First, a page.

Our medical professionals are on the front line of this epidemic and we want to show them love and support. In the next week or two, we want to send a prayer caravan to drive around the hospital. We'll let them know ahead of time that we'll be praying—and perhaps honking our horns—at a designated time. To get more information and to register, please click below and select the prayer caravan option. We'll see you soon!
The Ogre by the Manger
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SpeakerDwight K. Nelson
Since 1983, Dwight Nelson has served as lead pastor of the Pioneer Memorial Church on the campus of Andrews University. He preaches on the “New Perceptions” telecast, teaches at the theological seminary and has written some books, including The Chosen. He and his wife, Karen, are blessed with two married children and 2 granddaughters.
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RxF4Now—The Ogre by the Manger
- Eastern Tennessee State University research published in the American Journal of Public Health (reported in Los Angeles Times 11-18-16)
- American Journal of Public Health (reported in Los Angeles Times 11-18-16)
- The median household income in the poorest “state” was $ —while in the richest “state” it was $ .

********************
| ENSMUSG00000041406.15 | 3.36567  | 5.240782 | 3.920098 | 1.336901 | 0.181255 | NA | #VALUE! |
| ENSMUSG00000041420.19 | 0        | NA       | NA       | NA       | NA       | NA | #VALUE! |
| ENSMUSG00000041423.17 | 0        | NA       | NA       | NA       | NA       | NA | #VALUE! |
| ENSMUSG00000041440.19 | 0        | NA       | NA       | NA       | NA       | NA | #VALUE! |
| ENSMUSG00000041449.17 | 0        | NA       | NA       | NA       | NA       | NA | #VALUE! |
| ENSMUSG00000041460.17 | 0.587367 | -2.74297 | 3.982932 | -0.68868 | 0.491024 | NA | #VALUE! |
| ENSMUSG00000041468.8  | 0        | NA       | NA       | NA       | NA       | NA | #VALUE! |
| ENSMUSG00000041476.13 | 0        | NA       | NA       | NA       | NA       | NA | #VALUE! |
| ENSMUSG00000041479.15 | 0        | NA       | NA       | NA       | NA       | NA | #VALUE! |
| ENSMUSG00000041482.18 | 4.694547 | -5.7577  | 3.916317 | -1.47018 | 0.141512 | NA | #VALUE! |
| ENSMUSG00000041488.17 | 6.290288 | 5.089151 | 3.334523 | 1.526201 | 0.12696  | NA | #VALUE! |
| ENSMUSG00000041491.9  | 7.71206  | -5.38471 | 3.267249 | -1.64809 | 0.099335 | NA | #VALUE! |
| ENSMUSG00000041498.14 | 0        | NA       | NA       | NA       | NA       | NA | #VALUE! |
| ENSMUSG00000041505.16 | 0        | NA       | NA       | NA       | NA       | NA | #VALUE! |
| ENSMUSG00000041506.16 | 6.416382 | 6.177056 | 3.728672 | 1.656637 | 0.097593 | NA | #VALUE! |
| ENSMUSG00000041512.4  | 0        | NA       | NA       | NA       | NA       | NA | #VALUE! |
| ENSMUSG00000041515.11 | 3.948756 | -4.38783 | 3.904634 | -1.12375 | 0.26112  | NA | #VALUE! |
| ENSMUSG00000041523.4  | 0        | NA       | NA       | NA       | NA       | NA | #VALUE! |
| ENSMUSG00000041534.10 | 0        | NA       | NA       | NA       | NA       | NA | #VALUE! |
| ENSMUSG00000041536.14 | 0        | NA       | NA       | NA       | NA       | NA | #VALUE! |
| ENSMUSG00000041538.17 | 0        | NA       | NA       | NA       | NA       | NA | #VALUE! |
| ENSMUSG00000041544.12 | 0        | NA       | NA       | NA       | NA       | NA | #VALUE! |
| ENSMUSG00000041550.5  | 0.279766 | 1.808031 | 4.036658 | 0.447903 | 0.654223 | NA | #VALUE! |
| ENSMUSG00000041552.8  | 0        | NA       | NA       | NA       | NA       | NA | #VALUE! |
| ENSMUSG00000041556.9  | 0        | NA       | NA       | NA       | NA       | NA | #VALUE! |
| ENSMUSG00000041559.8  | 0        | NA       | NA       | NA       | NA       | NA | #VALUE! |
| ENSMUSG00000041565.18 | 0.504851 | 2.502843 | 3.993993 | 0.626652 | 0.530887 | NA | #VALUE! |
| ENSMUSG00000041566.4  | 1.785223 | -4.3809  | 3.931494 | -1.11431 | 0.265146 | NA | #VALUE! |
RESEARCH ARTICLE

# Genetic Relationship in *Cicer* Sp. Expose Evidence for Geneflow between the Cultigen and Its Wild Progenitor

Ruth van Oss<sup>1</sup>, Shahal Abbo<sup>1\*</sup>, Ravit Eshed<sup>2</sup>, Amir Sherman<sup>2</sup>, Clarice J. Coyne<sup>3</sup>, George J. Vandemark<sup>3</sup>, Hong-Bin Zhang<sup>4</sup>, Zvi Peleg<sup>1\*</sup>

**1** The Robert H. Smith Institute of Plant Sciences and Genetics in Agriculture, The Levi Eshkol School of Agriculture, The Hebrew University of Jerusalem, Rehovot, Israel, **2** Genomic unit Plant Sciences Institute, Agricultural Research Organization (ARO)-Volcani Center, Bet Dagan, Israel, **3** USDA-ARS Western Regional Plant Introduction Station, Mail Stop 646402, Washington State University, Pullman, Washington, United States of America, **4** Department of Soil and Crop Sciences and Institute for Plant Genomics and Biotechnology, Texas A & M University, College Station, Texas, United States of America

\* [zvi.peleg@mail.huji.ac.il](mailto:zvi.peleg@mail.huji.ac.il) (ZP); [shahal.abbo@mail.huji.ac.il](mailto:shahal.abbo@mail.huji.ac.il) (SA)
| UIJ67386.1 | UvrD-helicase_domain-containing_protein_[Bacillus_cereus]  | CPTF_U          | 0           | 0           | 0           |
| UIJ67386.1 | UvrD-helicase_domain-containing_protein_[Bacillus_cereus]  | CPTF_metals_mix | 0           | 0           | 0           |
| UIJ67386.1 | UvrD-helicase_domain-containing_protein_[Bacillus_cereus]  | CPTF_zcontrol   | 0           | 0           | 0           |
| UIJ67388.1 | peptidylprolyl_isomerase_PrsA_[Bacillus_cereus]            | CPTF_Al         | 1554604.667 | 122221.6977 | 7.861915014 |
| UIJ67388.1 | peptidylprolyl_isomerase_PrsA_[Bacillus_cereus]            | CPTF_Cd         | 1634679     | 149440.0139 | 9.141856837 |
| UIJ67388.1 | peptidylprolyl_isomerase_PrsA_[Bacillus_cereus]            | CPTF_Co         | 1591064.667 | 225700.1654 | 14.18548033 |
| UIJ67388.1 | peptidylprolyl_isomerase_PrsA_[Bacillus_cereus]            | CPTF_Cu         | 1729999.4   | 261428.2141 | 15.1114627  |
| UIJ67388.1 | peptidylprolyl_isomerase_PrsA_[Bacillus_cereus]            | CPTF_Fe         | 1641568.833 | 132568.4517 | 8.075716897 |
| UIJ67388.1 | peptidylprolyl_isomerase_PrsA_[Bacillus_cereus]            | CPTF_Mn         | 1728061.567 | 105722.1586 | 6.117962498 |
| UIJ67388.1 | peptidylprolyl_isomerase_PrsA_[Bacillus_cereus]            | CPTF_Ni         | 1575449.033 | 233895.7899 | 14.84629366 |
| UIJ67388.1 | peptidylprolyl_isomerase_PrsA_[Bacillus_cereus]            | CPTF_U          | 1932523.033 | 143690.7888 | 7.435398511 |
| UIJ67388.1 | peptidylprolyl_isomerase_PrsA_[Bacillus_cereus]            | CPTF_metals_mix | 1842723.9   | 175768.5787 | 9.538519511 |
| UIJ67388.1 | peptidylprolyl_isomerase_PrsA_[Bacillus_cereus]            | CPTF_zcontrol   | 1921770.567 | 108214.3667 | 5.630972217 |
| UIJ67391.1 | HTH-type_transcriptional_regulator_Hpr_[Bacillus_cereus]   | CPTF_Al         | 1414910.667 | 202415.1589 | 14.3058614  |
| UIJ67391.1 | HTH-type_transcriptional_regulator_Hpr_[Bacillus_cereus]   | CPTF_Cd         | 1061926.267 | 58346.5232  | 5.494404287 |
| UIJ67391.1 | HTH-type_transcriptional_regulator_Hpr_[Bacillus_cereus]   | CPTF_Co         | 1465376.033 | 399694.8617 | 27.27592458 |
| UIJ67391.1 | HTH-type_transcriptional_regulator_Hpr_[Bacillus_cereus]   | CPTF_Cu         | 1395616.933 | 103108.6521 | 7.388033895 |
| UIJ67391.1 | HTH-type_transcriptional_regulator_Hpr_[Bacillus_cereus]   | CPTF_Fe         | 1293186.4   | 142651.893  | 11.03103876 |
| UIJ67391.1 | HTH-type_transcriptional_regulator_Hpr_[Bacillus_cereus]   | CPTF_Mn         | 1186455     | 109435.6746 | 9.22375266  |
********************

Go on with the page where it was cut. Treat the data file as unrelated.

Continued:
- The average number of people per county in the poorest “state” was about —compared with about in the richest “state.”
- Although the poorest “state” had a much smaller population, the ratio of people to primary care doctors was that of the richest “state.”
- Smoking prevalence was as high in the poorest “state,” and the prevalence of obesity was % higher.
- Life expectancy for women in the poorest “state” was years, compared to years in the richest “state.” For men, life expectancy in the poorest “state” was years and in the richest “state.”
- The proportion of the population that was African American was times higher in the poorest “state” than in the richest one.
- In the richest “state” % of residents lived in rural areas—whereas in the poorest “state” % of people did.
- People in the poorest “state” were living under conditions seen in the real United States around 1975 or 1980—whereas people in the richest “state” were already living under conditions that won’t apply to the real United States until 2020 and beyond—i.e., “the poorest “state” is between years behind the living conditions achieved by the wealthiest “state.”
- Comparing these poorest and richest “states” with 222 actual countries of the world—if the richest “state” were an independent country it would rank 8th in the world for life expectancy for men, 25th for women—but the poorest “state” would rank 123rd for men and 116th for women—meaning more than the countries in the world have longer life expectancy than the poorest counties in the United States.
- Mark 10:17-22
- The Greek for “great wealth” (NIV) literally reads: “. . . because he had .”
- The average American home today contains items—which would certainly qualify for “many possessions”!
- According to Joshua Becker, the author of The More of Less: Finding the Life You Want Under Everything You Own, we see about ads every day telling us to buy more.
- As the Huffington Post suggested, the mantra to hook us third millennials seems to be: “Buy like you , only more frequently.”
- “Joshua Fields Millburn & Ryan Nicodemus, known as ‘The Minimalists’ to their 4 million readers, help people live more meaningful lives with less through their website, books, podcast, and documentary.” (www.theminimalists.com)